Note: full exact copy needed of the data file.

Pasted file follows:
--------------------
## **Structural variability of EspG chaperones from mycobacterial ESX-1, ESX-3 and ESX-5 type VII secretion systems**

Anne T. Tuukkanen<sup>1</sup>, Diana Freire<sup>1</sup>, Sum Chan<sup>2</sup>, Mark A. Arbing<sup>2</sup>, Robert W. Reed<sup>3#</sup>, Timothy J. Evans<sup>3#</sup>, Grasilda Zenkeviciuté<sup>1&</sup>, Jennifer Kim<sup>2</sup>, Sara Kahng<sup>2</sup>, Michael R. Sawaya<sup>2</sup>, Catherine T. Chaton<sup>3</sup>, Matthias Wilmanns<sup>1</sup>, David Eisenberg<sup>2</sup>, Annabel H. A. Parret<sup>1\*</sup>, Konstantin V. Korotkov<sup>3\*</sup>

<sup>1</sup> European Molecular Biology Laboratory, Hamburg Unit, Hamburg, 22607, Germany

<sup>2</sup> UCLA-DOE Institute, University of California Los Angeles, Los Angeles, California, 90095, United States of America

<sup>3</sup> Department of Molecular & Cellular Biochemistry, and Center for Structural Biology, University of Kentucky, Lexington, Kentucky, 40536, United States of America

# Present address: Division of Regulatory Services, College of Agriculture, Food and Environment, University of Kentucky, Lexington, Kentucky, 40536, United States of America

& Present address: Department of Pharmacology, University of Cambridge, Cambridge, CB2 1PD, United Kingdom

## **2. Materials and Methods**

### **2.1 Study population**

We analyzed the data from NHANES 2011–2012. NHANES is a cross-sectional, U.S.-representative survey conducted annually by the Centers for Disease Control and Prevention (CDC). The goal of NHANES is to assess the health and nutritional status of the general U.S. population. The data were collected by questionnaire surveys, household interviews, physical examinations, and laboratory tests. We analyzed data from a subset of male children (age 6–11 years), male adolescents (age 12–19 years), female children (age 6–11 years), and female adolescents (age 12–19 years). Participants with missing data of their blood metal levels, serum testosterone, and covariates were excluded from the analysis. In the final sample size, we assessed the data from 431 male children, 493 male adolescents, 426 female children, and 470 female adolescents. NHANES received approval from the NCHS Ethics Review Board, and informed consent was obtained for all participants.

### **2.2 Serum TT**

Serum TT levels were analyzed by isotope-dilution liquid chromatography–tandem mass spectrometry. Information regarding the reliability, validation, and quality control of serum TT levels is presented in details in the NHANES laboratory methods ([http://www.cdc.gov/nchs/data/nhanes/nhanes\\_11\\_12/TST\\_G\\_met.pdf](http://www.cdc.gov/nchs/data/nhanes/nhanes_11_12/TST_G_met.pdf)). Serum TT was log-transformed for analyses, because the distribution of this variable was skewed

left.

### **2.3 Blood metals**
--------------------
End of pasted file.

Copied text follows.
## **Structural variability of EspG chaperones from mycobacterial ESX-1, ESX-3 and ESX-5 type VII secretion systems**

Anne T. Tuukkanen<sup>1</sup>, Diana Freire<sup>1</sup>, Sum Chan<sup>2</sup>, Mark A. Arbing<sup>2</sup>, Robert W. Reed<sup>3#</sup>, Timothy J. Evans<sup>3#</sup>, Grasilda Zenkeviciuté<sup>1&</sup>, Jennifer Kim<sup>2</sup>, Sara Kahng<sup>2</sup>, Michael R. Sawaya<sup>2</sup>, Catherine T. Chaton<sup>3</sup>, Matthias Wilmanns<sup>1</sup>, David Eisenberg<sup>2</sup>, Annabel H. A. Parret<sup>1\*</sup>, Konstantin V. Korotkov<sup>3\*</sup>

<sup>1</sup> European Molecular Biology Laboratory, Hamburg Unit, Hamburg, 22607, Germany

<sup>2</sup> UCLA-DOE Institute, University of California Los Angeles, Los Angeles, California, 90095, United States of America

<sup>3</sup> Department of Molecular & Cellular Biochemistry, and Center for Structural Biology, University of Kentucky, Lexington, Kentucky, 40536, United States of America

# Present address: Division of Regulatory Services, College of Agriculture, Food and Environment, University of Kentucky, Lexington, Kentucky, 40536, United States of America

& Present address: Department of Pharmacology, University of Cambridge, Cambridge, CB2 1PD, United Kingdom

## **2. Materials and Methods**

### **2.1 Study population**

We analyzed the data from NHANES 2011–2012. NHANES is a cross-sectional, U.S.-representative survey conducted annually by the Centers for Disease Control and Prevention (CDC). The goal of NHANES is to assess the health and nutritional status of the general U.S. population. The data were collected by questionnaire surveys, household interviews, physical examinations, and laboratory tests. We analyzed data from a subset of male children (age 6–11 years), male adolescents (age 12–19 years), female children (age 6–11 years), and female adolescents (age 12–19 years). Participants with missing data of their blood metal levels, serum testosterone, and covariates were excluded from the analysis. In the final sample size, we assessed the data from 431 male children, 493 male adolescents, 426 female children, and 470 female adolescents. NHANES received approval from the NCHS Ethics Review Board, and informed consent was obtained for all participants.

### **2.2 Serum TT**

Serum TT levels were analyzed by isotope-dilution liquid chromatography–tandem mass spectrometry. Information regarding the reliability, validation, and quality control of serum TT levels is presented in details in the NHANES laboratory methods ([http://www.cdc.gov/nchs/data/nhanes/nhanes\\_11\\_12/TST\\_G\\_met.pdf](http://www.cdc.gov/nchs/data/nhanes/nhanes_11_12/TST_G_met.pdf)). Serum TT was log-transformed for analyses, because the distribution of this variable was skewed

left.

### **2.3 Blood metals**